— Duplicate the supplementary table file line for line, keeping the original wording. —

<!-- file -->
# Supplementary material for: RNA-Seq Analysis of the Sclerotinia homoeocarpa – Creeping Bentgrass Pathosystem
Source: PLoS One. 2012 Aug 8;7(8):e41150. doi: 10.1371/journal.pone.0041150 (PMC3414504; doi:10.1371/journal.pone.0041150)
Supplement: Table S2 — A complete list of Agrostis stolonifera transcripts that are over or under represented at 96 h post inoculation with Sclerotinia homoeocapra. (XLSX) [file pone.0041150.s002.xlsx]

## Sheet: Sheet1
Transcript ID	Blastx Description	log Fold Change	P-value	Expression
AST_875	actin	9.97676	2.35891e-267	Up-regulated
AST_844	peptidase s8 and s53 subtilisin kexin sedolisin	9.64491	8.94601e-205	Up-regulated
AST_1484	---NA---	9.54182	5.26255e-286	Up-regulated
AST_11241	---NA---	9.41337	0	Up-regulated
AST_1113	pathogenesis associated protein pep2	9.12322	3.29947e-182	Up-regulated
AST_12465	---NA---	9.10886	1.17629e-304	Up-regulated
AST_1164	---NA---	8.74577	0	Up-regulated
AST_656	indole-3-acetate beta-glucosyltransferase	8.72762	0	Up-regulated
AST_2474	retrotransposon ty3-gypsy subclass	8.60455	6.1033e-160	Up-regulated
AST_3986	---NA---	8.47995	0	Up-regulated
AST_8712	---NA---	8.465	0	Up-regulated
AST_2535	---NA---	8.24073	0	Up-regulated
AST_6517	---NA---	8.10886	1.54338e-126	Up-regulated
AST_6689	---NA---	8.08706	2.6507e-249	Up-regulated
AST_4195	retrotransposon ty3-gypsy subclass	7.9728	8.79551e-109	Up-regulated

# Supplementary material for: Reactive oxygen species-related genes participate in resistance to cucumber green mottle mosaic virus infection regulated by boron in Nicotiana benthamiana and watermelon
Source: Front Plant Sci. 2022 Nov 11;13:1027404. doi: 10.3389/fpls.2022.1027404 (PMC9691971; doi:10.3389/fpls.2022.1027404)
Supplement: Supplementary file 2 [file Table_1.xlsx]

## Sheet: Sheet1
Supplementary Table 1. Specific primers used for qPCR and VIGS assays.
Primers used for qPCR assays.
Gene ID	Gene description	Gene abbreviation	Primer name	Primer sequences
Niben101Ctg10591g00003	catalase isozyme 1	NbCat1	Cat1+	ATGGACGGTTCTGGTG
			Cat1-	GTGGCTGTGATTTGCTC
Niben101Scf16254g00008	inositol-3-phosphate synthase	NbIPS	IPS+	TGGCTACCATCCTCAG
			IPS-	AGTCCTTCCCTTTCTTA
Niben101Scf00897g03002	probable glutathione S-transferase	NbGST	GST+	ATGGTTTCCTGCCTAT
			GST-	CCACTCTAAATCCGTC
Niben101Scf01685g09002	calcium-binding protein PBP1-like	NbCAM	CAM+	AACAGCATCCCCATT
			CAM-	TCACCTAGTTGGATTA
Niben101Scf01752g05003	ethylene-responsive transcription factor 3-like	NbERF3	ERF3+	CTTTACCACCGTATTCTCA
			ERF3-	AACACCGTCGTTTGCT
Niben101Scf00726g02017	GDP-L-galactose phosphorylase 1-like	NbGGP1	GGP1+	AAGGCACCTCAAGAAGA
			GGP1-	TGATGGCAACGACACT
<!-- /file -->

# Supplementary material for: RNA-Seq Analysis of the Sclerotinia homoeocarpa – Creeping Bentgrass Pathosystem
Source: PLoS One. 2012 Aug 8;7(8):e41150. doi: 10.1371/journal.pone.0041150 (PMC3414504; doi:10.1371/journal.pone.0041150)
Supplement: Table S2 — A complete list of Agrostis stolonifera transcripts that are over or under represented at 96 h post inoculation with Sclerotinia homoeocapra. (XLSX) [file pone.0041150.s002.xlsx]

## Sheet: Sheet1
Transcript ID	Blastx Description	log Fold Change	P-value	Expression
AST_875	actin	9.97676	2.35891e-267	Up-regulated
AST_844	peptidase s8 and s53 subtilisin kexin sedolisin	9.64491	8.94601e-205	Up-regulated
AST_1484	---NA---	9.54182	5.26255e-286	Up-regulated
AST_11241	---NA---	9.41337	0	Up-regulated
AST_1113	pathogenesis associated protein pep2	9.12322	3.29947e-182	Up-regulated
AST_12465	---NA---	9.10886	1.17629e-304	Up-regulated
AST_1164	---NA---	8.74577	0	Up-regulated
AST_656	indole-3-acetate beta-glucosyltransferase	8.72762	0	Up-regulated
AST_2474	retrotransposon ty3-gypsy subclass	8.60455	6.1033e-160	Up-regulated
AST_3986	---NA---	8.47995	0	Up-regulated
AST_8712	---NA---	8.465	0	Up-regulated
AST_2535	---NA---	8.24073	0	Up-regulated
AST_6517	---NA---	8.10886	1.54338e-126	Up-regulated
AST_6689	---NA---	8.08706	2.6507e-249	Up-regulated
AST_4195	retrotransposon ty3-gypsy subclass	7.9728	8.79551e-109	Up-regulated

# Supplementary material for: Reactive oxygen species-related genes participate in resistance to cucumber green mottle mosaic virus infection regulated by boron in Nicotiana benthamiana and watermelon
Source: Front Plant Sci. 2022 Nov 11;13:1027404. doi: 10.3389/fpls.2022.1027404 (PMC9691971; doi:10.3389/fpls.2022.1027404)
Supplement: Supplementary file 2 [file Table_1.xlsx]

## Sheet: Sheet1
Supplementary Table 1. Specific primers used for qPCR and VIGS assays.
Primers used for qPCR assays.
Gene ID	Gene description	Gene abbreviation	Primer name	Primer sequences
Niben101Ctg10591g00003	catalase isozyme 1	NbCat1	Cat1+	ATGGACGGTTCTGGTG
			Cat1-	GTGGCTGTGATTTGCTC
Niben101Scf16254g00008	inositol-3-phosphate synthase	NbIPS	IPS+	TGGCTACCATCCTCAG
			IPS-	AGTCCTTCCCTTTCTTA
Niben101Scf00897g03002	probable glutathione S-transferase	NbGST	GST+	ATGGTTTCCTGCCTAT
			GST-	CCACTCTAAATCCGTC
Niben101Scf01685g09002	calcium-binding protein PBP1-like	NbCAM	CAM+	AACAGCATCCCCATT
			CAM-	TCACCTAGTTGGATTA
Niben101Scf01752g05003	ethylene-responsive transcription factor 3-like	NbERF3	ERF3+	CTTTACCACCGTATTCTCA
			ERF3-	AACACCGTCGTTTGCT
Niben101Scf00726g02017	GDP-L-galactose phosphorylase 1-like	NbGGP1	GGP1+	AAGGCACCTCAAGAAGA
			GGP1-	TGATGGCAACGACACT